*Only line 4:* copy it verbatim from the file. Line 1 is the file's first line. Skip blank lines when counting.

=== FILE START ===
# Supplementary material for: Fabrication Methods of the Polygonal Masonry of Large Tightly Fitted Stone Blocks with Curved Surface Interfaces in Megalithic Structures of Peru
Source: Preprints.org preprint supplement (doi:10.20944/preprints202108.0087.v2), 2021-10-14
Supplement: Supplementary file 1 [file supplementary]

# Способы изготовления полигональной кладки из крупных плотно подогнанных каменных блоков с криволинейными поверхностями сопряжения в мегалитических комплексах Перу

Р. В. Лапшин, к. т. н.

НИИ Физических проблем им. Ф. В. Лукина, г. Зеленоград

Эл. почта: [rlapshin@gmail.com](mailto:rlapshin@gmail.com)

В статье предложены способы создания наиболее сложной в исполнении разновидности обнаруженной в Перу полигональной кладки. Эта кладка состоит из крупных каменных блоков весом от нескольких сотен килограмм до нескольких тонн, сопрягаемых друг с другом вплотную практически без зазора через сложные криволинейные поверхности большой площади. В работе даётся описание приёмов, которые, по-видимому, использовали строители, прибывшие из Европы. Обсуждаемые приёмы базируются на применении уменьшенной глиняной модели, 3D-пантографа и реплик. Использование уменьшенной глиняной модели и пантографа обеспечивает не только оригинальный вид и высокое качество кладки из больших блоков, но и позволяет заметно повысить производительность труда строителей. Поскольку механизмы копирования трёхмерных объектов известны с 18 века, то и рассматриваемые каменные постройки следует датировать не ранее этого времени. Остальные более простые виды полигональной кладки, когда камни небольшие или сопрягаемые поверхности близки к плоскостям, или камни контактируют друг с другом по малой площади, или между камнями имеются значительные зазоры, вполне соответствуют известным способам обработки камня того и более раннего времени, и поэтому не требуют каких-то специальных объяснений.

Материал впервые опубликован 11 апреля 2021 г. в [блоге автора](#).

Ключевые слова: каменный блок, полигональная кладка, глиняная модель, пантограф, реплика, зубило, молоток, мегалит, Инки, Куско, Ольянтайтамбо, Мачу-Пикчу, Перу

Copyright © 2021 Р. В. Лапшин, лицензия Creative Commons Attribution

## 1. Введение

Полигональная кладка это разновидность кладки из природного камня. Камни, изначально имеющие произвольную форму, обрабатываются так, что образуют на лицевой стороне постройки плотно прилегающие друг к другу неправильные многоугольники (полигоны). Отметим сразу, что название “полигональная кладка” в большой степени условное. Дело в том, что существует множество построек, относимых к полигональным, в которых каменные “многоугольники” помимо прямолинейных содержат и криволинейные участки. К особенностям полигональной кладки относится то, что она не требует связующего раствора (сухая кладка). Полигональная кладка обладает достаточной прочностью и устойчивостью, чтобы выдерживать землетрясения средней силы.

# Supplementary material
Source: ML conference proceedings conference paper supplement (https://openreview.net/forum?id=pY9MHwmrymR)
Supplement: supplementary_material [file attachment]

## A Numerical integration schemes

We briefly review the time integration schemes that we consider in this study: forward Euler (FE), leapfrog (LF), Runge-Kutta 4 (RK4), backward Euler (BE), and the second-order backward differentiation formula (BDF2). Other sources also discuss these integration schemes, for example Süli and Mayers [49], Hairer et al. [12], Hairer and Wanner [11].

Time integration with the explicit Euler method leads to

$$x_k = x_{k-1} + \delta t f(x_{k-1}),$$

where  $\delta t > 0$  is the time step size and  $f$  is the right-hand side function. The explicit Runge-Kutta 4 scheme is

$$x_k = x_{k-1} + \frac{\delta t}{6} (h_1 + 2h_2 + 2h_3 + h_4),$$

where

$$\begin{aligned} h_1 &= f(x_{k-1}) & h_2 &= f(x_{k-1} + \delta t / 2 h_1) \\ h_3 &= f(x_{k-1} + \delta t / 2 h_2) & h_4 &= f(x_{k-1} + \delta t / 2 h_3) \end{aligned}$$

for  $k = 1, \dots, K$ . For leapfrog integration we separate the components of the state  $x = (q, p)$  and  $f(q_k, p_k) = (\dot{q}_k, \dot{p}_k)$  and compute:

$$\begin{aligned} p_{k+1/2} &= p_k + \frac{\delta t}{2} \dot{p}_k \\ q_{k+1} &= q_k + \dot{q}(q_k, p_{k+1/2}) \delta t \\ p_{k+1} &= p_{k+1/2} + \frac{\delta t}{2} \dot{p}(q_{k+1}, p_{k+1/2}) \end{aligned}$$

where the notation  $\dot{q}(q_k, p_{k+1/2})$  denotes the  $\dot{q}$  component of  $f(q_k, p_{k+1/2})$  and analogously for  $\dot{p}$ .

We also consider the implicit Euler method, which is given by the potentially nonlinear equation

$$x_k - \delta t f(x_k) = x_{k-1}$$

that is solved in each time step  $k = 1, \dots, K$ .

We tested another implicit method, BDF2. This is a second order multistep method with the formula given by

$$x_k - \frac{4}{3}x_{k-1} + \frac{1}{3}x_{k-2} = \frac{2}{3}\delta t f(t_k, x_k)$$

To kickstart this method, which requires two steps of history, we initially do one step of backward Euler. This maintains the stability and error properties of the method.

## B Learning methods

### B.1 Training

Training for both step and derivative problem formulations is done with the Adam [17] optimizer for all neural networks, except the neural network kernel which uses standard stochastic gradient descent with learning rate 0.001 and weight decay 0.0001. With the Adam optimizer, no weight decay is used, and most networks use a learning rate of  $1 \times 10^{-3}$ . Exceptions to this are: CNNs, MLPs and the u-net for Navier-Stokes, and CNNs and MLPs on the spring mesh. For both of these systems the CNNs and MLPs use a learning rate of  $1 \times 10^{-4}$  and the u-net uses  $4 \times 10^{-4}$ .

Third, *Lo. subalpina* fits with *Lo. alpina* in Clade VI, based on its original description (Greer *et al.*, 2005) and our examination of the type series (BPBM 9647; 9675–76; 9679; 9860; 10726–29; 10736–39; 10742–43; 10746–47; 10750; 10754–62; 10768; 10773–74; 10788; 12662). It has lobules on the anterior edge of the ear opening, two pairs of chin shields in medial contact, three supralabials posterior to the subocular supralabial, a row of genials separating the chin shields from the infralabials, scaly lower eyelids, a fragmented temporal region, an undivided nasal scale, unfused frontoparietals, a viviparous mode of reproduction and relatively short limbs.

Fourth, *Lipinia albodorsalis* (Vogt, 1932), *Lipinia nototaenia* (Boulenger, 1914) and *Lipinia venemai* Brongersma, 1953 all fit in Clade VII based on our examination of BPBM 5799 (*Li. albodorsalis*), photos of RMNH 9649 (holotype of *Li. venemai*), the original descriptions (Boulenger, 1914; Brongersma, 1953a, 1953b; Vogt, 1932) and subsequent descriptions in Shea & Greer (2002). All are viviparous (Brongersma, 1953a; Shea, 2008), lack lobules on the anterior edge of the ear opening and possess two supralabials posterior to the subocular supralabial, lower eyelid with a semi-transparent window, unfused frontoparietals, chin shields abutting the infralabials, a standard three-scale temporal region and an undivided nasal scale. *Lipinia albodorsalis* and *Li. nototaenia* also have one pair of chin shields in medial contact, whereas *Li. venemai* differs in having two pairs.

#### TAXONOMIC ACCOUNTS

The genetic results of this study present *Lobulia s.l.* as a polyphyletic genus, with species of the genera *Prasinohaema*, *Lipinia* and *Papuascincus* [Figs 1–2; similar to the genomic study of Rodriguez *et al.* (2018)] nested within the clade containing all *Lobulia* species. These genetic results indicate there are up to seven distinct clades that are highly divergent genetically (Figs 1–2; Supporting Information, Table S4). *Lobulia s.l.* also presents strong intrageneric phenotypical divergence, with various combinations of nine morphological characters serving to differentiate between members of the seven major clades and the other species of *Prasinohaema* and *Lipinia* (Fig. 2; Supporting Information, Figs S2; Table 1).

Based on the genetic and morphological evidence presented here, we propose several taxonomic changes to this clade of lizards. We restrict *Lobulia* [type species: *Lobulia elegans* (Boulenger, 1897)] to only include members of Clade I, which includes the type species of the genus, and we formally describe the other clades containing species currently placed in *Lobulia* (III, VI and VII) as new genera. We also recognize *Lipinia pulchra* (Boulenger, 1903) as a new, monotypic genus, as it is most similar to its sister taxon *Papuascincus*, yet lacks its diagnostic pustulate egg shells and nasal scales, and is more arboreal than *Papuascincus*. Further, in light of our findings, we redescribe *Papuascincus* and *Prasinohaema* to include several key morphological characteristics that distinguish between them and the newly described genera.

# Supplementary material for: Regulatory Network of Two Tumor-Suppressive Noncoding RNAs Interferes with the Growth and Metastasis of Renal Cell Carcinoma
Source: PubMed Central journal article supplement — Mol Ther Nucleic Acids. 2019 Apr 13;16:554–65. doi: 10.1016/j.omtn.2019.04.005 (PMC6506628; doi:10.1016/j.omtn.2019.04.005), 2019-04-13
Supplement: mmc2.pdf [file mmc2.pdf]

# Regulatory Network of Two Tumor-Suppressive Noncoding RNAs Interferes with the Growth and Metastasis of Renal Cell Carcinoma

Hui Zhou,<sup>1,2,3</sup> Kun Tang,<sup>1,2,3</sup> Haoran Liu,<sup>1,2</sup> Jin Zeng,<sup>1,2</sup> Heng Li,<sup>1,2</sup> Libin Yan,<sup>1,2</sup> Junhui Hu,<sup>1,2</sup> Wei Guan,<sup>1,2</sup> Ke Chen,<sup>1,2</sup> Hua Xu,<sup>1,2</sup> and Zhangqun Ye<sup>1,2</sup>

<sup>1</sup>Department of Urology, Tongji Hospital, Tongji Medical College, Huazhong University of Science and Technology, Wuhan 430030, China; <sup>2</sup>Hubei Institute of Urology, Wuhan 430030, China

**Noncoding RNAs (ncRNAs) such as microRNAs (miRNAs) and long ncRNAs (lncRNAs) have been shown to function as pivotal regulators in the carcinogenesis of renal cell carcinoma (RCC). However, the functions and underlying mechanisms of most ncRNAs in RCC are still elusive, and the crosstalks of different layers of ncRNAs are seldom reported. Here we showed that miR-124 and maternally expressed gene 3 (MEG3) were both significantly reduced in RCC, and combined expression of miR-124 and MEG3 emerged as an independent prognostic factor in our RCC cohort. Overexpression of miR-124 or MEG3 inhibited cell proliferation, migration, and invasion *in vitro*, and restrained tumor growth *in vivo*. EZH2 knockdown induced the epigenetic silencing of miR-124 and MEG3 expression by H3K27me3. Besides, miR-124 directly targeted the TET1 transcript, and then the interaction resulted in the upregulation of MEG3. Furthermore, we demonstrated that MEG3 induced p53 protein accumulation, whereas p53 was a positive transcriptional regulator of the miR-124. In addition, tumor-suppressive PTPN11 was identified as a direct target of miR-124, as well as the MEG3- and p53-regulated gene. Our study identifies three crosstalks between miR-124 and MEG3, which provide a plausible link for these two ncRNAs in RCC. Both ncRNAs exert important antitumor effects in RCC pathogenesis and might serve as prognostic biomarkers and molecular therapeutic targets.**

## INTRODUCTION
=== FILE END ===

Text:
# Способы изготовления полигональной кладки из крупных плотно подогнанных каменных блоков с криволинейными поверхностями сопряжения в мегалитических комплексах Перу